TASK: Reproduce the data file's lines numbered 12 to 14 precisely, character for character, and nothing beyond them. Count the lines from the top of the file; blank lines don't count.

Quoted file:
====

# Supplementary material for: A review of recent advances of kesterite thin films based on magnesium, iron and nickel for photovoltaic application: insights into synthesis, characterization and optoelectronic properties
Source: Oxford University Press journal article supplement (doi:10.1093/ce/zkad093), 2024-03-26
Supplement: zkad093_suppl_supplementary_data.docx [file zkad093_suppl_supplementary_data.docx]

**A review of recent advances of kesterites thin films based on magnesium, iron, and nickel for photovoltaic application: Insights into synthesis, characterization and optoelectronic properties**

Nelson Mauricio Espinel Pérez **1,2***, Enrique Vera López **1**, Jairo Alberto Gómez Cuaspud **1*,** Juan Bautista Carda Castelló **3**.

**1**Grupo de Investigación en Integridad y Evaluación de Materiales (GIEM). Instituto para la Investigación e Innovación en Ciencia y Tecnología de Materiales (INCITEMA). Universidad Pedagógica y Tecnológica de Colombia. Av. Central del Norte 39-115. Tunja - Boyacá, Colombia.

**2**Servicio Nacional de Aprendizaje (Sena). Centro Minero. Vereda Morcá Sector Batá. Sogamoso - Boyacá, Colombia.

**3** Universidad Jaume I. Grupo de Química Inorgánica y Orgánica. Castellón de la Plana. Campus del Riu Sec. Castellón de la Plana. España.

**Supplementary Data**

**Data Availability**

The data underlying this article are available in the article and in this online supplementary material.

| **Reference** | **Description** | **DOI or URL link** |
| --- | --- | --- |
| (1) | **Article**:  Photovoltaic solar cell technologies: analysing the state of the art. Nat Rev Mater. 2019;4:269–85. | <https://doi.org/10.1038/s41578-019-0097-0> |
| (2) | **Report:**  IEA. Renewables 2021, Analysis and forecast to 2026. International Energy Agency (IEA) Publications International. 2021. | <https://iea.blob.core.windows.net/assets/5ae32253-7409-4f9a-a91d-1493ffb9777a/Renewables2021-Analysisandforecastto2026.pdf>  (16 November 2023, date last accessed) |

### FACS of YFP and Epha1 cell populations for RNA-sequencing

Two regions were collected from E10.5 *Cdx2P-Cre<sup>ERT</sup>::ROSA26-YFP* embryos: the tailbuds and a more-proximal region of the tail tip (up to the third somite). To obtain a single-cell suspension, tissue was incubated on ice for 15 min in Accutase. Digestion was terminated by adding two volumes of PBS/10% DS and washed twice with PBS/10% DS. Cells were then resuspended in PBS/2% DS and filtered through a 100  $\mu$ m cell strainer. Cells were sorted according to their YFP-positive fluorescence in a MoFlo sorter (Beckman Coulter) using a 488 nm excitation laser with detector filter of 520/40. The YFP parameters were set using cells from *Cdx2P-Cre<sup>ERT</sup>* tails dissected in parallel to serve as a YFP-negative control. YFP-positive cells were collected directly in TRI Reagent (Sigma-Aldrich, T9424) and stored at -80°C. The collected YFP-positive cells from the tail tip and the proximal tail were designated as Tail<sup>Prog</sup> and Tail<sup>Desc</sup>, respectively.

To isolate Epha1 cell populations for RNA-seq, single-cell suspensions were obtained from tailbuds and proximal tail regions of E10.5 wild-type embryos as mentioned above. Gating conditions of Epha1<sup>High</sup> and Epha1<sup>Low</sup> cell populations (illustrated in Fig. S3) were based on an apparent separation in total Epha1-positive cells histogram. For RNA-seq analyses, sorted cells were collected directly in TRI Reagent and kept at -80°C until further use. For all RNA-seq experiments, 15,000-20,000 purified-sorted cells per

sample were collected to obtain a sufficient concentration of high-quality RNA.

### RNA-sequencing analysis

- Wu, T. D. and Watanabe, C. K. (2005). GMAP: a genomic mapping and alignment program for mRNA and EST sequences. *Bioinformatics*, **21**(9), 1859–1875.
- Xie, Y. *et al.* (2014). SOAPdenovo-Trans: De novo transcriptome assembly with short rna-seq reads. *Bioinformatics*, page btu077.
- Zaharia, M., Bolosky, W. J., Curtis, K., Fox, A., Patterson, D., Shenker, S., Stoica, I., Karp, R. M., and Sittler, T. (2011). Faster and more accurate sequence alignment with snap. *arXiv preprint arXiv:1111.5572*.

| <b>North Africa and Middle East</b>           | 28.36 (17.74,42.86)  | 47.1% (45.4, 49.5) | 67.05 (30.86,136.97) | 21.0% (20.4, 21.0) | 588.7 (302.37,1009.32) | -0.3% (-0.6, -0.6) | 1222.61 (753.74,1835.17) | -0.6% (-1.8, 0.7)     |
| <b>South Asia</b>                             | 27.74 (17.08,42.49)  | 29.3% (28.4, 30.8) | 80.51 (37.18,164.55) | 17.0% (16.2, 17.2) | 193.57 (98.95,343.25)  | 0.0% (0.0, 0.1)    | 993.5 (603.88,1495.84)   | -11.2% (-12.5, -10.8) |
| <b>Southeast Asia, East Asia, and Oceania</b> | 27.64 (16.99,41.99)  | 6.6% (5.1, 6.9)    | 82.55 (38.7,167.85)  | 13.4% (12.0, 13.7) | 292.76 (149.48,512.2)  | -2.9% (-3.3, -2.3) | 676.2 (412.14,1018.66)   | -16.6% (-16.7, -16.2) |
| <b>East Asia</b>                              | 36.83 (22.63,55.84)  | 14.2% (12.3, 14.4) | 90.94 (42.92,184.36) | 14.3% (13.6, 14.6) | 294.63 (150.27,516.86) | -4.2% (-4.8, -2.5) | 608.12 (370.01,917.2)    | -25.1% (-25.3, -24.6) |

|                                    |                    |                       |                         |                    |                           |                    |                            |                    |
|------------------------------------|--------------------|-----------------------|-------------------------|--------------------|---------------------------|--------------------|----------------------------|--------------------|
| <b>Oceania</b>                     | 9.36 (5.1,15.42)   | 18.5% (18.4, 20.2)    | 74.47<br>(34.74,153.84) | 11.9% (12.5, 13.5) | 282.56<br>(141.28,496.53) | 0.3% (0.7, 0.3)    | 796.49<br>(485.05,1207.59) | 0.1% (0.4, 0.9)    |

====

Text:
| **Reference** | **Description** | **DOI or URL link** |
| --- | --- | --- |
| (1) | **Article**:  Photovoltaic solar cell technologies: analysing the state of the art. Nat Rev Mater. 2019;4:269–85. | <https://doi.org/10.1038/s41578-019-0097-0> |